When the school district of New Britain, Conn. started remote learning because of the coronavirus pandemic, it discovered that about one in 10 students didn’t have easy access to Wi-Fi.
The district was able to source the hardware to create hotspots but didn’t have a method to distribute the internet to about 1,000 students who needed it.
Enter Art Schaller, president of Schaller Auto World, who runs three dealerships in the greater Hartford area. Schaller came up with a plan to create mobile Wi-Fi hotspots in strategically parked dealership cars.
The plan was easier to conceive than execute. Each part — the routers, adapters, SIM cards, and antennas — came separately at different times. “Everything was on backorder, the supply chain was in disarray,” said Schaller, “which with what’s going on, everyone can understand.”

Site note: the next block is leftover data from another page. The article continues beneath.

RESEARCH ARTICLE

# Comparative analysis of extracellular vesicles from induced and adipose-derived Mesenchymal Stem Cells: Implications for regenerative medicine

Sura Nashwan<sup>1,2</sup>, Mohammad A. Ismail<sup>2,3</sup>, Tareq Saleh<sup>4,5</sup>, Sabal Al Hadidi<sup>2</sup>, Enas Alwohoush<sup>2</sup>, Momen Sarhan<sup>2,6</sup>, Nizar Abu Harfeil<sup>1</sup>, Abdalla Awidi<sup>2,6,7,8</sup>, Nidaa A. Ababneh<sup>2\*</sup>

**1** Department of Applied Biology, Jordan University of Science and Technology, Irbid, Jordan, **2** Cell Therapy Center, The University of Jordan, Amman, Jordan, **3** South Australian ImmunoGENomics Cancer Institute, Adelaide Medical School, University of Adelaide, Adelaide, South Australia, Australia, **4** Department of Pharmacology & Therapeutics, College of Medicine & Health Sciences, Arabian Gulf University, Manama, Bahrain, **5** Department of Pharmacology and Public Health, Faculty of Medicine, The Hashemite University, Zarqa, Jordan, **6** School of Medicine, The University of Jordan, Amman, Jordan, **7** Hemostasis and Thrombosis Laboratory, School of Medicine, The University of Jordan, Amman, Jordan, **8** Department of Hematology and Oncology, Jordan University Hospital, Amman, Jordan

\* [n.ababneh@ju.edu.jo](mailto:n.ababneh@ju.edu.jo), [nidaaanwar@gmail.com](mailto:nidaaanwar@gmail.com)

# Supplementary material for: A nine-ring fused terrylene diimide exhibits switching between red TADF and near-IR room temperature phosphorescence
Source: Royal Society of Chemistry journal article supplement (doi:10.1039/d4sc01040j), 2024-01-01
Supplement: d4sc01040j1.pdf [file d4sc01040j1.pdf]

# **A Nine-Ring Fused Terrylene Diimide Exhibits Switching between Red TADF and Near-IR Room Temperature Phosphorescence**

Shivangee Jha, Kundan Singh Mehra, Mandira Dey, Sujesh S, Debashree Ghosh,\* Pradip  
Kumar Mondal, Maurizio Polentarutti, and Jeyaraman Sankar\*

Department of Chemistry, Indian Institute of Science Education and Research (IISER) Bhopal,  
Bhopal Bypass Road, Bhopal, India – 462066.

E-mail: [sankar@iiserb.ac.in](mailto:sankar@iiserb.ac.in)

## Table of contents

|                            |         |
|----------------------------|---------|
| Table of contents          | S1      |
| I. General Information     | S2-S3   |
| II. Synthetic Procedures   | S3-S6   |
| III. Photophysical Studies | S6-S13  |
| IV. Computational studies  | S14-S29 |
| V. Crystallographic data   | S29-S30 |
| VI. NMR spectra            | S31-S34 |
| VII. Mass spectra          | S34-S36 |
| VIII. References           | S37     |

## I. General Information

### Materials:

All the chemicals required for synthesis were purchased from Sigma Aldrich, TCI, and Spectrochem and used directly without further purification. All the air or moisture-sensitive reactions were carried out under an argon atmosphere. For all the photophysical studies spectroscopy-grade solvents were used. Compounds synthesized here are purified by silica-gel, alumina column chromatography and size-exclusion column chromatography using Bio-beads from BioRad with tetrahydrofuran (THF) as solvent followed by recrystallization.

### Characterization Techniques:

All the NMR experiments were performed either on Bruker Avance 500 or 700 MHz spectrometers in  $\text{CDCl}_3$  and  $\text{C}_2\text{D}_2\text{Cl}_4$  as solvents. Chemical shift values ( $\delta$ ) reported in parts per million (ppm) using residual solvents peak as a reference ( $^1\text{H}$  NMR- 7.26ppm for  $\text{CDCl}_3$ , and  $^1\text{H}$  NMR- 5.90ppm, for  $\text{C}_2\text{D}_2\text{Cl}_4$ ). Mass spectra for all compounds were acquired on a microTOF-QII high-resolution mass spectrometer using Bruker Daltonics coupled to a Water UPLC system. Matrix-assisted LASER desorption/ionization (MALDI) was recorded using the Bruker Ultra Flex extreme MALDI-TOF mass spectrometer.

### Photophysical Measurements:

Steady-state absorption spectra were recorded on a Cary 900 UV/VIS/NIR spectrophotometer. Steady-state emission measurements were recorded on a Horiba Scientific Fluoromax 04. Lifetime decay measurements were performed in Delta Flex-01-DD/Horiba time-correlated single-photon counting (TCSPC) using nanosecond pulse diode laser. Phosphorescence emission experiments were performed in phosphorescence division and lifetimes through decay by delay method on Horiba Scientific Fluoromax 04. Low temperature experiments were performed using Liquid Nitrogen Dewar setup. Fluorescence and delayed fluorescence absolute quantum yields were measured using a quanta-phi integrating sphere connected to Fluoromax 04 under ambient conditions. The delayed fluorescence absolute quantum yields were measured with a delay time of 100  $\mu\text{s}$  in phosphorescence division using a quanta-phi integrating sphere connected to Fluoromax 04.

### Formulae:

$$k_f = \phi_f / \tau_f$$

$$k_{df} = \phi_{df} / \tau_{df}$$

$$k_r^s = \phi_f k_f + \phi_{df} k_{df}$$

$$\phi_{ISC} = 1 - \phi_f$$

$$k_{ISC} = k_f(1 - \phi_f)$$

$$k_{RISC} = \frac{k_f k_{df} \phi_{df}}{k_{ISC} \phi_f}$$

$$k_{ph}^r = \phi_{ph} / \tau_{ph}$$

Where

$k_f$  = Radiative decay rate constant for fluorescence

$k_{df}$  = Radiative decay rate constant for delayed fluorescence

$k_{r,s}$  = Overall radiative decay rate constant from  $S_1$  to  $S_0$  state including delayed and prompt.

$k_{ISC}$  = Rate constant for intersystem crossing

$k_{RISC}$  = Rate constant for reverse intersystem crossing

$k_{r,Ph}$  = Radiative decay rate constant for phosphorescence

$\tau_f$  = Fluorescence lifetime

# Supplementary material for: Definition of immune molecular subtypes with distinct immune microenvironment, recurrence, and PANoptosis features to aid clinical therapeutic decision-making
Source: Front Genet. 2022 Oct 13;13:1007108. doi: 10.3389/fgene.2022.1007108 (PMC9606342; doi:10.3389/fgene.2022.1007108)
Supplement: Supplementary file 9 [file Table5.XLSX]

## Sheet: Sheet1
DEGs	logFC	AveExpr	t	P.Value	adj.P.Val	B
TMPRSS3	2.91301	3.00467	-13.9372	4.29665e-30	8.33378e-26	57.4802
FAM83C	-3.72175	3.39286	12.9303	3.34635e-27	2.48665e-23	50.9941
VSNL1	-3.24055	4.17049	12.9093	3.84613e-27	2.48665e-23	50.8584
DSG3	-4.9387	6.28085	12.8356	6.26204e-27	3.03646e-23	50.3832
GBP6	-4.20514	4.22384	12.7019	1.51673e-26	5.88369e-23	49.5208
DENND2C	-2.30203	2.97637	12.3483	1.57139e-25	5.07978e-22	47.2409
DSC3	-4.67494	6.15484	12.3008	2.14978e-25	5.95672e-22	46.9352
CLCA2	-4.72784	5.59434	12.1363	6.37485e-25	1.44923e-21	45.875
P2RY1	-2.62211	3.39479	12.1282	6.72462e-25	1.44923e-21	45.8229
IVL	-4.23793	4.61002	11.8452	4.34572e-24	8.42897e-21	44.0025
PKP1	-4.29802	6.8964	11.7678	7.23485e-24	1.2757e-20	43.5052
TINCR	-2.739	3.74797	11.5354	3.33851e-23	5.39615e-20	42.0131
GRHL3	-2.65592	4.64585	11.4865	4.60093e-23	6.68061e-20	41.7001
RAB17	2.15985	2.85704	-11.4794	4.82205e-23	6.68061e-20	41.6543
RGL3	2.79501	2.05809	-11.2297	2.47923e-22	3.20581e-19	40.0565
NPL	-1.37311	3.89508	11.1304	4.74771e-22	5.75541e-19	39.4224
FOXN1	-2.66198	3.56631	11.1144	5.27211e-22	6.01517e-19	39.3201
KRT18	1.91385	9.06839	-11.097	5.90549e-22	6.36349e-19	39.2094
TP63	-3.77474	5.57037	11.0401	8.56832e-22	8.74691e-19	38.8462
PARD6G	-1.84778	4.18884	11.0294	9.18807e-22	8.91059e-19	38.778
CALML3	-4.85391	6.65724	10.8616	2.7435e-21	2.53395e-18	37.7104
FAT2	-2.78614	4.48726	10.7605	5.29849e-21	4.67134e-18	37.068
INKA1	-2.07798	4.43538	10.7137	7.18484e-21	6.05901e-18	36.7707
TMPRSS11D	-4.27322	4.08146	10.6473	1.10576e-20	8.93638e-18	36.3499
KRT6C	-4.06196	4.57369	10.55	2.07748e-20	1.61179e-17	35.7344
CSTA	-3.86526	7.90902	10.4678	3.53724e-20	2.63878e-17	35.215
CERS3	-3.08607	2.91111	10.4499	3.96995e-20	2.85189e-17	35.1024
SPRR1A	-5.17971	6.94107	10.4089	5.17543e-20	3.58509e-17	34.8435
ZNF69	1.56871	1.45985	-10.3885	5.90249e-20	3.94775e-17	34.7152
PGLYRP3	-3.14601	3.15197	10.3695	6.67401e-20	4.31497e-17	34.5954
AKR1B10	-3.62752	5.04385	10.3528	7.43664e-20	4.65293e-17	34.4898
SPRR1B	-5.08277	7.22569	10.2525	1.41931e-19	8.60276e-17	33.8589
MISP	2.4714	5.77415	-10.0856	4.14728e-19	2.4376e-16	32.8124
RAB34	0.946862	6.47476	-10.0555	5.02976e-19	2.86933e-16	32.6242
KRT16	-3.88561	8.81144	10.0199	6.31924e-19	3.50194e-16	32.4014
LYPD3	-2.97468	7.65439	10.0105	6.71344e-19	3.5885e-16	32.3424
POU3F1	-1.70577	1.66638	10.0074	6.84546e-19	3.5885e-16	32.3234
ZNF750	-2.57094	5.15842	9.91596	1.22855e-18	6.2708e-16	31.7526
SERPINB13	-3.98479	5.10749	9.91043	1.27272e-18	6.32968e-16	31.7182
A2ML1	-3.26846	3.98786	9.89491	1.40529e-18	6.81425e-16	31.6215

When it finally all came together in mid-May, Schaller sent 16 of his drivers to housing blocks to park cars based on the district’s map of student internet need. Per the district, Schaller rotates the cars to assigned spots for morning and afternoon shifts.
‘This became a lot more work than I expected,” Schaller said. “But when the cars went out it finally became meaningful.”
“The greatest news was that after the first week, we reached 94% of the students who had not been attending (online) school.”
At this point, if Schaller needs to sell one of those parked cars, a driver picks it up and rotates the equipment to a new car. Yet as business life returns to normal — to some extent — and car sales return, both Schaller and the district understand this isn’t a permanent solution.
The school district is working on one for the new school year, Schaller said. For now, Schaller is rolling with it. “It's a small price to pay to make sure kids get to finish school,” he said.